So what qualified a book for privileged pre-treatment in my world?

a) a gift or a recommendation from a friend

b) found in a good bookshop, or chosen on a hopeful whim

c) design/cover

d) from 1900-1949

e) I should really be reading something else….

I’m not proud of these prejudices, and I don’t suggest that they should be in place, I merely suggest that they are. When I need to, I can turn them off – and that’s what I try to do for book reviews on here, and definitely do for the times I’ve written for (student) newspapers. But I’m sure I’m not the only one open to these foibles. They certainly don’t mean my mind can’t be changed, but they push it in a certain direction.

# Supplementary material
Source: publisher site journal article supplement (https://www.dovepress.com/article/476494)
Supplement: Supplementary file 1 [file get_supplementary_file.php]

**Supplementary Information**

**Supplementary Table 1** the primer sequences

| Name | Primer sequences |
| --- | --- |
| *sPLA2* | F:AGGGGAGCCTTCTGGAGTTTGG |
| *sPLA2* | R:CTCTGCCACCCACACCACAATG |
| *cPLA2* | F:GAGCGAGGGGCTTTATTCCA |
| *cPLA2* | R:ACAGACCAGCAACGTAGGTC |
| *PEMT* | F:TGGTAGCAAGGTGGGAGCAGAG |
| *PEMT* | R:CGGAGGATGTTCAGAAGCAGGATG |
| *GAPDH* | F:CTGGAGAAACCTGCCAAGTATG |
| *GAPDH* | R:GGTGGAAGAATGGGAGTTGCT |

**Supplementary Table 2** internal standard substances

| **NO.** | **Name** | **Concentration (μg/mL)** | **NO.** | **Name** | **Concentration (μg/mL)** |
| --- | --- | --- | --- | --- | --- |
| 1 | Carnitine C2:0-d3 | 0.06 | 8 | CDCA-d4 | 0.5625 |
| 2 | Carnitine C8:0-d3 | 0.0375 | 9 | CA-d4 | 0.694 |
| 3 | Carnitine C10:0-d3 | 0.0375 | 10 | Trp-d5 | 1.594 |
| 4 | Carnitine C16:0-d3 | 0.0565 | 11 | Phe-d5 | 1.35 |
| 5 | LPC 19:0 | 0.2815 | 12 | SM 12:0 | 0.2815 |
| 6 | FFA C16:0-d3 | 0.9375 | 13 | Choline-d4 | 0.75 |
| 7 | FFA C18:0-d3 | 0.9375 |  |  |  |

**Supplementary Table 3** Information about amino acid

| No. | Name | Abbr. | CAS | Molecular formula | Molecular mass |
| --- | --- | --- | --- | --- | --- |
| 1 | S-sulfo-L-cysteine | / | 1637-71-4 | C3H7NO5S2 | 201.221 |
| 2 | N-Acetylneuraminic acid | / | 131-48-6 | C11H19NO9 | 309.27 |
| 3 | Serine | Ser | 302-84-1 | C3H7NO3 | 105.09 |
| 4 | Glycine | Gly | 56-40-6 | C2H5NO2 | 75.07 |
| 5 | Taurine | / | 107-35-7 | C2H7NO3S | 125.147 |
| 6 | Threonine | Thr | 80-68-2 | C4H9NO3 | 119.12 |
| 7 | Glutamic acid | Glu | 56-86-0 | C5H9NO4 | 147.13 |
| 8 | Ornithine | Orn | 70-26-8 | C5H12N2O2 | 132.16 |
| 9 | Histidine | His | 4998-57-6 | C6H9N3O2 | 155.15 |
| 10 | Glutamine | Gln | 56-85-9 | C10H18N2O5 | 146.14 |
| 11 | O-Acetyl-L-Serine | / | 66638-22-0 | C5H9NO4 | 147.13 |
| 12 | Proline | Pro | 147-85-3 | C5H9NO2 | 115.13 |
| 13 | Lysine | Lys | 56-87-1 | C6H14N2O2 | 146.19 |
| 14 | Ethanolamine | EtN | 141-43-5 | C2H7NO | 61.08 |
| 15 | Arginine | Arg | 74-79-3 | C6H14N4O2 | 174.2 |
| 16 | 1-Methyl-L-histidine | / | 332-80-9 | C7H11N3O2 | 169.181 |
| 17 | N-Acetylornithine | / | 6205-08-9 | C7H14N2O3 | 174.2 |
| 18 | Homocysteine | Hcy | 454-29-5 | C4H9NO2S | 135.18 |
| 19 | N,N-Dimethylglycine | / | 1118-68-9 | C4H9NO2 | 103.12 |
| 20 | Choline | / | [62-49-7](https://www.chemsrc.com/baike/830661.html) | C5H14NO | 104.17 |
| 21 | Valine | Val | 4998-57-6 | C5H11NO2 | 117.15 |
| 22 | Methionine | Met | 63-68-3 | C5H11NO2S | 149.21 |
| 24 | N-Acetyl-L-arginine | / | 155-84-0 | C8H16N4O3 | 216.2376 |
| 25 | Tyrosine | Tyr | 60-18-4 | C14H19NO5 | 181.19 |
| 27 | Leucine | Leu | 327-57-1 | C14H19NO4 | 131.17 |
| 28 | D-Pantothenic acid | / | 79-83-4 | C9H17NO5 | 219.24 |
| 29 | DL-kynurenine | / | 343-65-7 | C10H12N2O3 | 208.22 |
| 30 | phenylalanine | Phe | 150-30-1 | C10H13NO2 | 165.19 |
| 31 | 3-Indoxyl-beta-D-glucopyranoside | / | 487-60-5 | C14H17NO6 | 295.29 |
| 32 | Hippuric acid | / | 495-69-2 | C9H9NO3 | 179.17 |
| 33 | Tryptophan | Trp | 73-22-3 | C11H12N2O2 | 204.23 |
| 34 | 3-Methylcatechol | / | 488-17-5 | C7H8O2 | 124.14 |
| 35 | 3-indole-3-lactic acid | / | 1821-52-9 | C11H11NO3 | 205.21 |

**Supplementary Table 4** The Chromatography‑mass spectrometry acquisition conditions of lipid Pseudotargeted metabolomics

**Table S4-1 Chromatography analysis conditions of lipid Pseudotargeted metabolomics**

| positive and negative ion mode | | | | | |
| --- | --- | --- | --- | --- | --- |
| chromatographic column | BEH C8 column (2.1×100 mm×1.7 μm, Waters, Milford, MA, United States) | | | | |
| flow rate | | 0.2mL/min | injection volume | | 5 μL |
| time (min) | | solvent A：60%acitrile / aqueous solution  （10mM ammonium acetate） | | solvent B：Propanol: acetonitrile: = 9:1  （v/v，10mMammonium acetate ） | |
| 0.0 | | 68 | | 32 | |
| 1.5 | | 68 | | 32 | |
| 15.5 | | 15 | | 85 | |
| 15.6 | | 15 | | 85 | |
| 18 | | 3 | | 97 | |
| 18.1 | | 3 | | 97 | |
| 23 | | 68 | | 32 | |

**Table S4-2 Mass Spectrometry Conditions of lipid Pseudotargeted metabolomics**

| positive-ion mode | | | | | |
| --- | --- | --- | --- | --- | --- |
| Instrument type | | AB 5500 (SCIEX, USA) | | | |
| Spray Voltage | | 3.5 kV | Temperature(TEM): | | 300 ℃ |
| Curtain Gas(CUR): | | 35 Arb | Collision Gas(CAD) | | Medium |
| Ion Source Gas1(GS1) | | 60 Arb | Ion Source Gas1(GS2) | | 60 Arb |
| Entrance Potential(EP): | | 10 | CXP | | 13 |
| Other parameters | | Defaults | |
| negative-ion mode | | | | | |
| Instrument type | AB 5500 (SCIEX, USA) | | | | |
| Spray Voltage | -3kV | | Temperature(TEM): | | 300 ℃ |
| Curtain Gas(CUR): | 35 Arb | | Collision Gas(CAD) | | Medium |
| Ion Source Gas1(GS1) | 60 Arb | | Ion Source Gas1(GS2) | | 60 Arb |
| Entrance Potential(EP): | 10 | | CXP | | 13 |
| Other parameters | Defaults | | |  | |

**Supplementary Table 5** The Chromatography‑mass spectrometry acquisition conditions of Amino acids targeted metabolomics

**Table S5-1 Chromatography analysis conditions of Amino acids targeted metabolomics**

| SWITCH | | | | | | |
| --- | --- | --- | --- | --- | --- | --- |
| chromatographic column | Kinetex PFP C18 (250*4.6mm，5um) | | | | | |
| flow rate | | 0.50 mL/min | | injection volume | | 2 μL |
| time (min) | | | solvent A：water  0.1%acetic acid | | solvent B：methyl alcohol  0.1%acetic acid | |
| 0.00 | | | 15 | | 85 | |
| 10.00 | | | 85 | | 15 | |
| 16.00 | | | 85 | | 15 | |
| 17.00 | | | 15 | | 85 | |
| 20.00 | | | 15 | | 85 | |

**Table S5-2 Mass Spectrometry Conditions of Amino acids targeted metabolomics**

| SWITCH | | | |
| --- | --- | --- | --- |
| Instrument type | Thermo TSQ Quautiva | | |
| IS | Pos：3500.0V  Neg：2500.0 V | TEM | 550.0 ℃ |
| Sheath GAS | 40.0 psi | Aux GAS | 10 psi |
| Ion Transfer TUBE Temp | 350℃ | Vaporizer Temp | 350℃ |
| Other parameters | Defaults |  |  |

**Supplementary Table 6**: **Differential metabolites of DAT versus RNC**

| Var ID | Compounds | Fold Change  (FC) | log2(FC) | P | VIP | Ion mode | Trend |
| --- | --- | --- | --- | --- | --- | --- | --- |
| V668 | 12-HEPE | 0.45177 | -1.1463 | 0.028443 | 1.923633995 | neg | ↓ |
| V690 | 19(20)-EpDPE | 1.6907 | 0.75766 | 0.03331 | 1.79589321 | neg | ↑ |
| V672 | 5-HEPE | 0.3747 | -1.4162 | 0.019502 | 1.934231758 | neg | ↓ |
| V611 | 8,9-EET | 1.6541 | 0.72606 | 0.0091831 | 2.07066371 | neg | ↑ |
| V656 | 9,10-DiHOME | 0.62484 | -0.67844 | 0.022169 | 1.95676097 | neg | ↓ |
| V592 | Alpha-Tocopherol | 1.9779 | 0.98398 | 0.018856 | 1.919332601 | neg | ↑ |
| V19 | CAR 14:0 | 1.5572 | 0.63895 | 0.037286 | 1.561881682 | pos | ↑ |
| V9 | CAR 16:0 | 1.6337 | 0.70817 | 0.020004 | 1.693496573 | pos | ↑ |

A Month in the Country proved to be heading in the right direction from the off. I experienced a certain Uninformed Decision setback when I discovered the book was from 1980, and thus not my period of ease, but this proved immaterial to my enjoyment of the short, largely-autobiographical novel. Tom Birkin arrives by train to a rural community in the north of England, hired by a reluctant Rev. Mr. Keach to uncover and restore a medieval mural on a church wall. Nearby, Charles Moon (like Tom, a war veteran) is digging for the grave of an ancestor of the church’s patroness. The process is slow, and the narrative winds along with Tom, exploring his relationships with the other villagers, and Moon, and a gentle passage of discovery. The most interesting scene is that when Tom visits the vicar and his amiable wife, Alice, only to discover their monstrous and secluded vicarage seems to alter both their personalities. Like the rest of the novel, this is shown subtly and calmly, but is a fascinating glimpse into one facet of the village, which could be explored much further. Even without all my preconceptions, this is one to look out for.